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Banding Cape Cod Purple Martins

An update on Wellfleet’s Purple Martin colony:

In May of 2018, I wrote a column about a martin colony in Wellfleet. For those folks who don’t recall my column of May 2018, or remember any part of 2018, here’s a quick recap.

For the last decade or so, Mashpee’s Mary Keleher has orchestrated the return of Purple Martins to the Upper Cape. Mary’s efforts have been so successful that Mashpee now has more martins than there is room for. To handle the overflow, a new martin setup was built at Audubon’s Wellfleet Bay Wildlife Sanctuary. This was a bit of a gamble since martins historically have avoided the Outer Cape. For the first few years the new setup was nothing more than a decoration, as no birds used it. Then, in 2016, a single pair of martins finally moved in. This was big news, but it wasn’t the large colony Mary had predicted…until this year.

One morning I received an email from Audubon’s science coordinator, and all-around smart guy, Mark Faherty. Mark reported that seven pairs of martins had moved in this spring and many of them had already hatched chicks. This is very exciting. It meant that the Outer Cape officially had its own Purple Martin colony. Mark also mentioned that he had banded some of the chicks. This info also caught my attention, as I would love to see martin banding in action. I immediately wrote back asking if I might participate in the next banding session. He told me the date and time, and I was so there.

In the old days, martin houses looked like stately Southern mansions, but in recent years, gourd-style setups have become popular. The Wellfleet colony consists of twelve large plastic gourds hanging on aluminum crossarms. It’s not very attractive, but the birds seem to love it. Here’s something else martins love: people. The sanctuary sits on 937 acres, but the gourd rack is only a few feet away from the active nature center. All day long people come and go and the martins are totally cool with all of it.

When we arrived, Mark waved us over to the banding table. On the table were two sets of bands, some weird tools and a small scale. Next to the table was a guy wearing a shirt with bananas printed on it (really). He held a clipboard to record the band numbers as Mark called them out. There was only one thing missing. The martins, right? Nope. We were waiting for the kids. Kids? No one told me there would be kids. Apparently, this whole demonstration wasn’t for me, but for the ten-year-olds at the nature camp. My wife, a retired schoolteacher, was thrilled to see them, but I wasn’t. The last thing I needed in the middle of the summer was to get kid germs on me. I kept a safe distance away.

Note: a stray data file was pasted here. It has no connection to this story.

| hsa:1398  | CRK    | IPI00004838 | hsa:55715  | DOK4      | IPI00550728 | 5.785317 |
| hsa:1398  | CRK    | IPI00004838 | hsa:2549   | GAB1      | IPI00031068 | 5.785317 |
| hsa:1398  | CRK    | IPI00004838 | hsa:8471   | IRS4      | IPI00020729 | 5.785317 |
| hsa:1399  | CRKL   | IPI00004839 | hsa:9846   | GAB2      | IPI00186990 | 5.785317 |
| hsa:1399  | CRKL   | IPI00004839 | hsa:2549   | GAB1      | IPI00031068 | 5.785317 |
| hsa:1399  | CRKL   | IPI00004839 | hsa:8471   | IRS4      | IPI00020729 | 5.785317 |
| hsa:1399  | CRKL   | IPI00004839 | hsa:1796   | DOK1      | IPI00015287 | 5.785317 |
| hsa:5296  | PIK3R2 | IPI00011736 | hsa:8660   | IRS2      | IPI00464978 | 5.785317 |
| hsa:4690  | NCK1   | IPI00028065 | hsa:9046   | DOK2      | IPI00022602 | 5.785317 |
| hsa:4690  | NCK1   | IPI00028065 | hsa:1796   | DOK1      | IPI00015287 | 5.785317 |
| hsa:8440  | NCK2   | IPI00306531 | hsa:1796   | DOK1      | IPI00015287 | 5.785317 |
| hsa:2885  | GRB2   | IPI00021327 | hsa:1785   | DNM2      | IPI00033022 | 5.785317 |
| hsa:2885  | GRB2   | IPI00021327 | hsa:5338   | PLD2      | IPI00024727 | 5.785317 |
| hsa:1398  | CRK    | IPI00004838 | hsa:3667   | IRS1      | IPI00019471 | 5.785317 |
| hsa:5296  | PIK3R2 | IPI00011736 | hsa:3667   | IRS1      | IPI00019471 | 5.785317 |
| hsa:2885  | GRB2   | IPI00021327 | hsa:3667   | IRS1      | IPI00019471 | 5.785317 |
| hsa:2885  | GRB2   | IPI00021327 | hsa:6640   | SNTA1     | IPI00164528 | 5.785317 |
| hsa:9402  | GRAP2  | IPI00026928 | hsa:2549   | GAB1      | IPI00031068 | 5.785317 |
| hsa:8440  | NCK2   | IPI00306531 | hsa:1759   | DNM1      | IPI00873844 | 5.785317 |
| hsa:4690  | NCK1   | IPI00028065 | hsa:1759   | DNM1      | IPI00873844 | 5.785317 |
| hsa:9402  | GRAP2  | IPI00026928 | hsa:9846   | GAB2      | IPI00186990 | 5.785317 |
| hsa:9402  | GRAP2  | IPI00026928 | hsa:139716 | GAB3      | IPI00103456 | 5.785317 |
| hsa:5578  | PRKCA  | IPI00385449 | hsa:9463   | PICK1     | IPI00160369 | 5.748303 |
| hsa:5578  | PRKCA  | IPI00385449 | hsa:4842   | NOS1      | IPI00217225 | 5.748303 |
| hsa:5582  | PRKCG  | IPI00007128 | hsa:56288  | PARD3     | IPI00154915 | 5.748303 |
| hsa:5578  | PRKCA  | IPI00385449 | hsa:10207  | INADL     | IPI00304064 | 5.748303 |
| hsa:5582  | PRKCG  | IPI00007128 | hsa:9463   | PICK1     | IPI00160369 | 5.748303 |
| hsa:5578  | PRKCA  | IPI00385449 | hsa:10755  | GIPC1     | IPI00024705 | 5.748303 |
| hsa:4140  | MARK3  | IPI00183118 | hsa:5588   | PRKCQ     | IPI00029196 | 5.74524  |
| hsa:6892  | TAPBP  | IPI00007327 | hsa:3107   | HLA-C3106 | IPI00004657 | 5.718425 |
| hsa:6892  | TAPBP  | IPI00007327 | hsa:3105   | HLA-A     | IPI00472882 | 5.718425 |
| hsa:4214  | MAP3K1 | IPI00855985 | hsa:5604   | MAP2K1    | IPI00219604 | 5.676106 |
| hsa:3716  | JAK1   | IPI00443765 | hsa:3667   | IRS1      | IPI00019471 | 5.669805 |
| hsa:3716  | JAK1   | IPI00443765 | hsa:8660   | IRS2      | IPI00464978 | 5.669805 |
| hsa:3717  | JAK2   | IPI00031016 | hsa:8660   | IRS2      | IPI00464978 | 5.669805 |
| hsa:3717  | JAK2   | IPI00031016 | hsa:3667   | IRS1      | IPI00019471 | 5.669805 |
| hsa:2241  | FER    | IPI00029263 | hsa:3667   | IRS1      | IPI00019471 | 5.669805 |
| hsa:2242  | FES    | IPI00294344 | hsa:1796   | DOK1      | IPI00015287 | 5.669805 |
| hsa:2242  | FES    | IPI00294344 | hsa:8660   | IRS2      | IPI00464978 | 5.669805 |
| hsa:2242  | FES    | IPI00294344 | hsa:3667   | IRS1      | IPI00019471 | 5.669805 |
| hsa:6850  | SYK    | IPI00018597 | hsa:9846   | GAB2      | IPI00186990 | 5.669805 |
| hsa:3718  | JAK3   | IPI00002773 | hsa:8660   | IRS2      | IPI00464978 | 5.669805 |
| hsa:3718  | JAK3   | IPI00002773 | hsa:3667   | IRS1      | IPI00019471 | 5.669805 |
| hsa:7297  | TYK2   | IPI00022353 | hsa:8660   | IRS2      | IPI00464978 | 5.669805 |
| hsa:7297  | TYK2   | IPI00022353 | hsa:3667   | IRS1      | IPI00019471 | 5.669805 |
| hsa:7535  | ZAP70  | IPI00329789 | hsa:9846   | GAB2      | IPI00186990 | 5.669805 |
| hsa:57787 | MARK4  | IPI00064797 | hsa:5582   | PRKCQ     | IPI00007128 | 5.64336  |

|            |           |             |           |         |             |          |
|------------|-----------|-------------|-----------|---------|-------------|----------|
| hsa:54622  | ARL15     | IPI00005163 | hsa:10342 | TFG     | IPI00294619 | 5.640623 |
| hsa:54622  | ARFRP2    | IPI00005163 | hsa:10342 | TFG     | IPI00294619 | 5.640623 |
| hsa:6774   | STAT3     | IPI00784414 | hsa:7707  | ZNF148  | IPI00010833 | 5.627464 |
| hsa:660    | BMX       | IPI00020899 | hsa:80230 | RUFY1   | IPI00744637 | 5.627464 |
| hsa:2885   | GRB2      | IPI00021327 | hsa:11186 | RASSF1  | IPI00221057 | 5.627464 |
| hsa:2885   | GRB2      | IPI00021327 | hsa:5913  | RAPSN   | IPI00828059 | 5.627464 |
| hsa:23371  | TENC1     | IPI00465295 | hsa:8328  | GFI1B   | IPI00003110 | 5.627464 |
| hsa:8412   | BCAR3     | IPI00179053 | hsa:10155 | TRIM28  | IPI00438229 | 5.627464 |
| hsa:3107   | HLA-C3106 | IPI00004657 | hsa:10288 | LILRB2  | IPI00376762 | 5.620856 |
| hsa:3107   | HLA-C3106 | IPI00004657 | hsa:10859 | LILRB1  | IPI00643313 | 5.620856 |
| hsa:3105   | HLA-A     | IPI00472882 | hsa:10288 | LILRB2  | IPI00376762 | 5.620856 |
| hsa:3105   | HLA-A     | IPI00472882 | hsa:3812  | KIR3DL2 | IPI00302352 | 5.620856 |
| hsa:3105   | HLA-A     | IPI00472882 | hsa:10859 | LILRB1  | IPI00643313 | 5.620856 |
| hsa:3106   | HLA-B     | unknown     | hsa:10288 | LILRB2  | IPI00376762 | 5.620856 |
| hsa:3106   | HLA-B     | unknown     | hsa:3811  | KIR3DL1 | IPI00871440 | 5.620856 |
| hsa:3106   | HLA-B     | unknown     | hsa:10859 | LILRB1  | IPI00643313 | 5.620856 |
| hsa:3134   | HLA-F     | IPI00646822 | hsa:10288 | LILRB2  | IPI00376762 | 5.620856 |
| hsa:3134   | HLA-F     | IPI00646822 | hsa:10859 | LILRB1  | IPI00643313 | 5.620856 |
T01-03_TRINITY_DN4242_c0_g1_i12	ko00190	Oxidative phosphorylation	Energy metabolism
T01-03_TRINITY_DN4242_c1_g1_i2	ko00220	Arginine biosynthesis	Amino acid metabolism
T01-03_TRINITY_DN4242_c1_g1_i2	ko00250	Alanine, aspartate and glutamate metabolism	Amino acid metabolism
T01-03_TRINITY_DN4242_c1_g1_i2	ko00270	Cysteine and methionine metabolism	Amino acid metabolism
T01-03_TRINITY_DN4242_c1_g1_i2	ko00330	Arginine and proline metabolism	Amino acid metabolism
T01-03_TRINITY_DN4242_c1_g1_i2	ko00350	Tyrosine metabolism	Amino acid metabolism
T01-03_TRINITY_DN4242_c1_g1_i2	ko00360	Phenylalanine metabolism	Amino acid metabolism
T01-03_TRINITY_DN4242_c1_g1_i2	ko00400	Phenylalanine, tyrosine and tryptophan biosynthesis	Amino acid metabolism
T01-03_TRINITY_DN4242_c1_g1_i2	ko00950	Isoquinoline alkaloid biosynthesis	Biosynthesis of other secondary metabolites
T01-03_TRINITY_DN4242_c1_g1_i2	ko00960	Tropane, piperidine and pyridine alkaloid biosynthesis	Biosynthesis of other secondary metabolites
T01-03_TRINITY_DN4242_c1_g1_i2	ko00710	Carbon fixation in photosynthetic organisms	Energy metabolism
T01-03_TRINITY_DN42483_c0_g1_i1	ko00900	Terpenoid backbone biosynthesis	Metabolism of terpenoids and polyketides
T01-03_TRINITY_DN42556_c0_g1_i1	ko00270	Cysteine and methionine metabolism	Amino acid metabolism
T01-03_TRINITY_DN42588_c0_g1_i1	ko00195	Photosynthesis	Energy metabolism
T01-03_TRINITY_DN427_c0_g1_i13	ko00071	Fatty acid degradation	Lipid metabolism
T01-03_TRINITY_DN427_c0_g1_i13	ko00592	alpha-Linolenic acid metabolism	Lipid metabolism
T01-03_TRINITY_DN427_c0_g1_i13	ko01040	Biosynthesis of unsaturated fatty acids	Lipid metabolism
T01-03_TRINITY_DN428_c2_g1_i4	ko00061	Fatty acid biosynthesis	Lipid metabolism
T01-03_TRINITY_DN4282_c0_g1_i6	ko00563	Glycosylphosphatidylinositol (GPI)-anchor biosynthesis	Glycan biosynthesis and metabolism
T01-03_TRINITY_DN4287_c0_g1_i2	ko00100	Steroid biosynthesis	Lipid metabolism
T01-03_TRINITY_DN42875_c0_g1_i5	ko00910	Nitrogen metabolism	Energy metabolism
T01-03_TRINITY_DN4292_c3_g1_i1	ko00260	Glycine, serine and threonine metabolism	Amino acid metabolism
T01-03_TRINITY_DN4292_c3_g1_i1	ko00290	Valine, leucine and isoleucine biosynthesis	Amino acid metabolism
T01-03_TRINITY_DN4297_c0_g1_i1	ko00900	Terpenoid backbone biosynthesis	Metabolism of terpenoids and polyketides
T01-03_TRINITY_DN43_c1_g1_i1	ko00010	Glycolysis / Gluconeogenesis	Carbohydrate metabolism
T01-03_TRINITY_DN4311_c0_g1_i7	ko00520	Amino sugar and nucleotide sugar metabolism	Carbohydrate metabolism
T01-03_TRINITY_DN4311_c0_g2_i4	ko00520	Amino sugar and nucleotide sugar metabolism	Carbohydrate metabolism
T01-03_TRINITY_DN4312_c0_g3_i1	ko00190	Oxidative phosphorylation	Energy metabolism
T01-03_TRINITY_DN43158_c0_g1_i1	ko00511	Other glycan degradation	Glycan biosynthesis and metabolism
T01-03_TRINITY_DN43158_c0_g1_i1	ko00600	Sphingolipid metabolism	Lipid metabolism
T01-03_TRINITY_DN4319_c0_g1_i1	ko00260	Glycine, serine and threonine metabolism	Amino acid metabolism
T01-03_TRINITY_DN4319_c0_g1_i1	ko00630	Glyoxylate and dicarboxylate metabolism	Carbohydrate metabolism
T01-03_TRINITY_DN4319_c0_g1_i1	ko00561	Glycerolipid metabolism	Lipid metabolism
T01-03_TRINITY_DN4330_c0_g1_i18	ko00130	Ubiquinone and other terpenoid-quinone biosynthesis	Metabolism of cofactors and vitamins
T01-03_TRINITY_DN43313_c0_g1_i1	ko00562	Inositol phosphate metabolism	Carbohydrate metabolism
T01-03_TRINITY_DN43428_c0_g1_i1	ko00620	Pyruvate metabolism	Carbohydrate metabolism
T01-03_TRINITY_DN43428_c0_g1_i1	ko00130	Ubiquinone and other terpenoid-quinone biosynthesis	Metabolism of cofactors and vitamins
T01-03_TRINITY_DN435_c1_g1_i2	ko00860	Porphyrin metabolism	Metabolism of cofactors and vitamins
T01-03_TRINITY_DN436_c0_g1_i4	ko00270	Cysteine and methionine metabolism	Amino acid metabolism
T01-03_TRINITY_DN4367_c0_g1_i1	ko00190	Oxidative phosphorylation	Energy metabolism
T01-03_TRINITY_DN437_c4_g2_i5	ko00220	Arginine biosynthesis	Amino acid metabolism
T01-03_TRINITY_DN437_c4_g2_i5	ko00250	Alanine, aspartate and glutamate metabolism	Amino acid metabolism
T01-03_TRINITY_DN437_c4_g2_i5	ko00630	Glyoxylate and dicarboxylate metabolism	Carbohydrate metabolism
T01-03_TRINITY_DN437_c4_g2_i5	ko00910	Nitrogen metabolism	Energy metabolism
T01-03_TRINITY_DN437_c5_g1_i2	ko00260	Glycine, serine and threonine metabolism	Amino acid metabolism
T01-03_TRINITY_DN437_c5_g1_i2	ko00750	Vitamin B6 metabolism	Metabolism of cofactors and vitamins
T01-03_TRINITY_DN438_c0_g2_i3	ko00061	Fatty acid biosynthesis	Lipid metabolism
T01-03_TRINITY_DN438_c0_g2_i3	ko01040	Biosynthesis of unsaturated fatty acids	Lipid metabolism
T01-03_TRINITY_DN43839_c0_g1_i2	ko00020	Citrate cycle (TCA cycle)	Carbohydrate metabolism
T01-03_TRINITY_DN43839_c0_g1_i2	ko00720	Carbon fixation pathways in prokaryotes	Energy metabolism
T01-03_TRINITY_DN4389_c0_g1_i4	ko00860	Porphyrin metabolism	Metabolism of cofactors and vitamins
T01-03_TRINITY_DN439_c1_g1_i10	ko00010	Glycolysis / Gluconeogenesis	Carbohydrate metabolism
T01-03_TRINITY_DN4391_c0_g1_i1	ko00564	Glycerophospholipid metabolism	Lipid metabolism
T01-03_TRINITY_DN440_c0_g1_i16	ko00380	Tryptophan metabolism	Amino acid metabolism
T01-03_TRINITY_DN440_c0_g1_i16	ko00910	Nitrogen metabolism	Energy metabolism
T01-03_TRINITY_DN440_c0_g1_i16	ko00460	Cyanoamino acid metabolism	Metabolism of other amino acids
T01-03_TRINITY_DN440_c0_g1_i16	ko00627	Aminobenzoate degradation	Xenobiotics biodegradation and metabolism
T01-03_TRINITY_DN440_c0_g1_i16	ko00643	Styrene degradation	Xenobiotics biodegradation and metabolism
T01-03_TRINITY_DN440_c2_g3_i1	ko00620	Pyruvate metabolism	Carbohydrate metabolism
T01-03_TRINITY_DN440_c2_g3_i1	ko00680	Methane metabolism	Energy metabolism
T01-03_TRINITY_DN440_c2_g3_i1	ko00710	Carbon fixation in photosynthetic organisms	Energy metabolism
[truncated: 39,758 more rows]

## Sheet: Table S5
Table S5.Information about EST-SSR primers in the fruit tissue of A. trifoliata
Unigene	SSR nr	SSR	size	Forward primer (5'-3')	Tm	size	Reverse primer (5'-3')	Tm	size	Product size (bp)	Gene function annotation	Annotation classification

Mark lowered the rack of gourds, picked one out and carried it over to the table. He opened the gourd and reached in real casually, as if he was reaching into a cookie jar for ginger snaps. He explained that each baby bird would receive two bands. There was a blue band to indicate that the bird came from Wellfleet and a silver band, which was issued by the Bird Banding Laboratory in Maryland. The silver bands have numbers that are exclusive to each bird. The number was read aloud and recorded on the clipboard by the guy in the banana shirt. (I’ve gotta get one of those.)

Mark Faherty is a very amusing guy, but most of his jokes, including one about social security, were lost on the ten-year-olds. About five minutes into the demonstration I made a little wisecrack and the kids started laughing at it…or so I thought. It turns out they weren’t laughing at me, but instead at the baby bird that had just pooped on Mark’s shirt. From then on, anytime Mark wanted to get the kids’ attention, he’d make a reference to the poop on his shirt. (When it comes to ten-year-olds, poop humor tops social security jokes every time. Remember that.)

After each bird was fitted with two new “bracelets,” Mark held it out so the kids could have a closer look or even pet it. You might think this would stress out the baby birds, but instead they leaned forward with their mouths open. They didn’t know who these kids were, but if they had food, they wanted it. When the show was over, Mark placed each nestling back into the gourd and returned it to the colony. Just across the marsh from the martins are nesting Willets. If you get anywhere near the Willets, they’ll come screaming at you like psychotic banshees, but Purple Martins are totally chill around people. There was no screaming or attacking while Mark inspected all of the other guards. The adults just flew around and patiently waited, before eventually settling down as if nothing ever happened. (Although, I’m sure they had questions as to where those shiny new bracelets came from. Those baby birds had a lot of explaining to do.)

The nesting chickadees in my yard have been gone since June, but in early August this martin colony was still very active. This means anyone who wants to see Purple Martins should visit the Wellfleet Bay Wildlife Sanctuary. And here’s the best part: the colony is before you get to the admission counter. This means you can see the martins and not even have to pay…but we all should pay so don’t cheap out. Without funding, the sanctuary and the nature camp for the kids (germs and all) would not exist. And most importantly, without money, Mark wouldn’t be able to buy a new shirt, and believe me he needs one. Perhaps even a lovely banana shirt. I hear they’re trendy.